Sequins! Stunts! Derring-do! Things that go bump in the night extremely loudly! No, I’m not playing carnival barker for The Three Musketeers or Paranormal Activity 3 — just describing three accomplished local films that screened last weekend at the Vermont International Film Festival.
Carl has hit rock bottom. He goes for a booze-fueled joyride in the Northeast Kingdom, hits a tree and wakes up in Purgatory. Or is that dude in the white robes, who urges Carl to repent, really just a psychopath?
Based on a Joseph Citro story, Middlebury director Tim Joy’s half-hour film “Soul Keeper” unfolds like a “Twilight Zone” episode. While the plot is minimal, Joy and his crew pull out all the resources of light, set design, music and editing to convey Carl’s fraying sanity as he starts to wonder whether he has, in fact, entered a Dantean afterlife. They’re aided by strong performances from Andrew Butterfield as Carl and Paul Schnabel as his deceptively soft-spoken captor.
The film’s final twist is so abrupt it loses some of its impact, but, overall, “Soul Keeper” is an impressive production that looks and sounds as good as any recent TV horror anthology. (Stunts? Aerial shots? It has ’em.) The script never delves deeply into its issues of faith and guilt, but the film delivers a chilly blast of cerebral terror anyway. It screens again on Sunday, October 30, at 2:30 p.m. at the Palace 9 Cinemas in South Burlington.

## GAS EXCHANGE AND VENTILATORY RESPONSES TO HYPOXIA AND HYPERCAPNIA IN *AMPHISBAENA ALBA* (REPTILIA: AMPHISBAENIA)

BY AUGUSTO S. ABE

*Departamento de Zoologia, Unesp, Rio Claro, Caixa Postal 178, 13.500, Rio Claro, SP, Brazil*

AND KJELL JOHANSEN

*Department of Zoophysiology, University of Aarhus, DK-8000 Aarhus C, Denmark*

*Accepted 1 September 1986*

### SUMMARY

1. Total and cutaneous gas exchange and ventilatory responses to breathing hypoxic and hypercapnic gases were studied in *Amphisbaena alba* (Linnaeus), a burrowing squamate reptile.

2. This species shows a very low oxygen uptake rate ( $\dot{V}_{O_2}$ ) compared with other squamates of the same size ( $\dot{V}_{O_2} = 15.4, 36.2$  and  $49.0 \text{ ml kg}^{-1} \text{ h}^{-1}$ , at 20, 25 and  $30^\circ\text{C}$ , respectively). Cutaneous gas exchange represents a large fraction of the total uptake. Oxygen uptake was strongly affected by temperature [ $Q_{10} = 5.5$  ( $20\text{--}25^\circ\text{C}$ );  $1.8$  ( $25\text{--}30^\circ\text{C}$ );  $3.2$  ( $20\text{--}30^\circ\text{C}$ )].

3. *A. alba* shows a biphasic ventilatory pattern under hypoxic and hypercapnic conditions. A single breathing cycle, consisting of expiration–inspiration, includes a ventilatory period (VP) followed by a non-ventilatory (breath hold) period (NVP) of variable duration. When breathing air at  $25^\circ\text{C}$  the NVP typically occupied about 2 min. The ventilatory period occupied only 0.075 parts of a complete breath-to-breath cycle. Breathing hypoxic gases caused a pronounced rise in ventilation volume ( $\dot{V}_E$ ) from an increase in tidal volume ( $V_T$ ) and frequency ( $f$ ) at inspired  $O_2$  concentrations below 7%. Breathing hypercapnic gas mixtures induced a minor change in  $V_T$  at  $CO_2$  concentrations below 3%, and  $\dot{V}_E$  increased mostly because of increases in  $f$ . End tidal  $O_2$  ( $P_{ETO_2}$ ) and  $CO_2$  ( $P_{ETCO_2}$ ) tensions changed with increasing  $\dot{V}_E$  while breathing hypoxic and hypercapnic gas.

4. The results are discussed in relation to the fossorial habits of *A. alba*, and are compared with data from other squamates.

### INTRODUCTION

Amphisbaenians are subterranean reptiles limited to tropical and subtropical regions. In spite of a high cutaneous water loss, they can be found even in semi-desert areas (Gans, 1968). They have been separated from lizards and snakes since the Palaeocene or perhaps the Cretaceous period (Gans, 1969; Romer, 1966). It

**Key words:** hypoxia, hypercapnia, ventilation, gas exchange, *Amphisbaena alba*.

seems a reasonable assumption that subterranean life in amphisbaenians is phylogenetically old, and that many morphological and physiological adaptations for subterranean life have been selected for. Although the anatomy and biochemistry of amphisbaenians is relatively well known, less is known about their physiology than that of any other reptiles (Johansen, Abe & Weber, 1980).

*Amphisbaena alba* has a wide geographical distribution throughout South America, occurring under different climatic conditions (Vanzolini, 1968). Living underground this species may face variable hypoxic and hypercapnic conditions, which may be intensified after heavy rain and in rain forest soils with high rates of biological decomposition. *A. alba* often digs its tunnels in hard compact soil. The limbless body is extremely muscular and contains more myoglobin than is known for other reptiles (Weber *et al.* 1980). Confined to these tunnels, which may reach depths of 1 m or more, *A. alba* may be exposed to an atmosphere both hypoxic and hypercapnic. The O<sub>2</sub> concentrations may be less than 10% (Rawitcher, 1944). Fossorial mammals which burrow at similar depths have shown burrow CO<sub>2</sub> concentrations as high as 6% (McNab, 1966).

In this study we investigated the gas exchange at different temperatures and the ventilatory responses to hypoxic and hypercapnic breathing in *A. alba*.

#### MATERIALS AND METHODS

A quest fantasy with an outdoor setting and a cast of four kids. Most low-budget filmmakers who tried to combine those unwieldy elements would get, to put it bluntly, a mess. But Mark Freeman and Brandon St. Cyr, both of Lamoille County, made it work in their 27-minute film “The Dragon Wall.”
That’s partly because director of photography Christian Clark — who’s made local ads for Mount Mansfield Media — gives vibrant detail to the autumn woodland setting. And it’s partly because Freeman and St. Cyr have the sense to ground their fantasy in the real scenario of kids using imagination to create adventure in their own backyard. The filmmakers may not have million-dollar effects, but they do have a light touch that’s lacking in too many recent Hollywood family films.
Speaking of wonders that happen in our own backyards — they can be easy to take for granted. In Vermont, one of those wonders is the youth troupe Circus Smirkus, which tours New England each summer from its Greensboro base.
When filmmaker Signe Taylor brought her kids to a Smirkus show in Massachusetts, she was amazed by the joy of the young troupers — a stark contrast with the high schoolers she’d been teaching, she said at a VTIFF Q&A. In 2006, Taylor — who has since moved to Norwich, Vt. — went on the road with Smirkus and a camera crew. The result is Circus Dreams, a feature-length documentary that weaves the kids’ stories into a surprisingly dramatic narrative.
The film’s narrator is Joy Powers, a high schooler who auditions for Smirkus as a “girl clown” — still a rare phenomenon. As Joy strives to prove that females can be funny, we meet other new troupers, including a theater geek hoping to find his people under the big top; and a 13-year-old chasing her circus dream all the way from Hawaii.
Taylor had access to auditions, performances, backstage adolescent shenanigans and the adult directors’ bouts of anxiety about weathering the recession. Her teen subjects clearly trusted her, and their personalities give Circus Dreams its charm. After sweating through a show on a 100-degree afternoon with the graceful, Spandex-clad aerialists, you’ll never take Smirkus for granted again.
Rick Kisonak: Hi Rebecca. You're right about Styron's book. It's heartbreakingly beautiful. And no argument here: Creativity and charisma coexist…
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It deals with some rather adult issues, but an excellent movie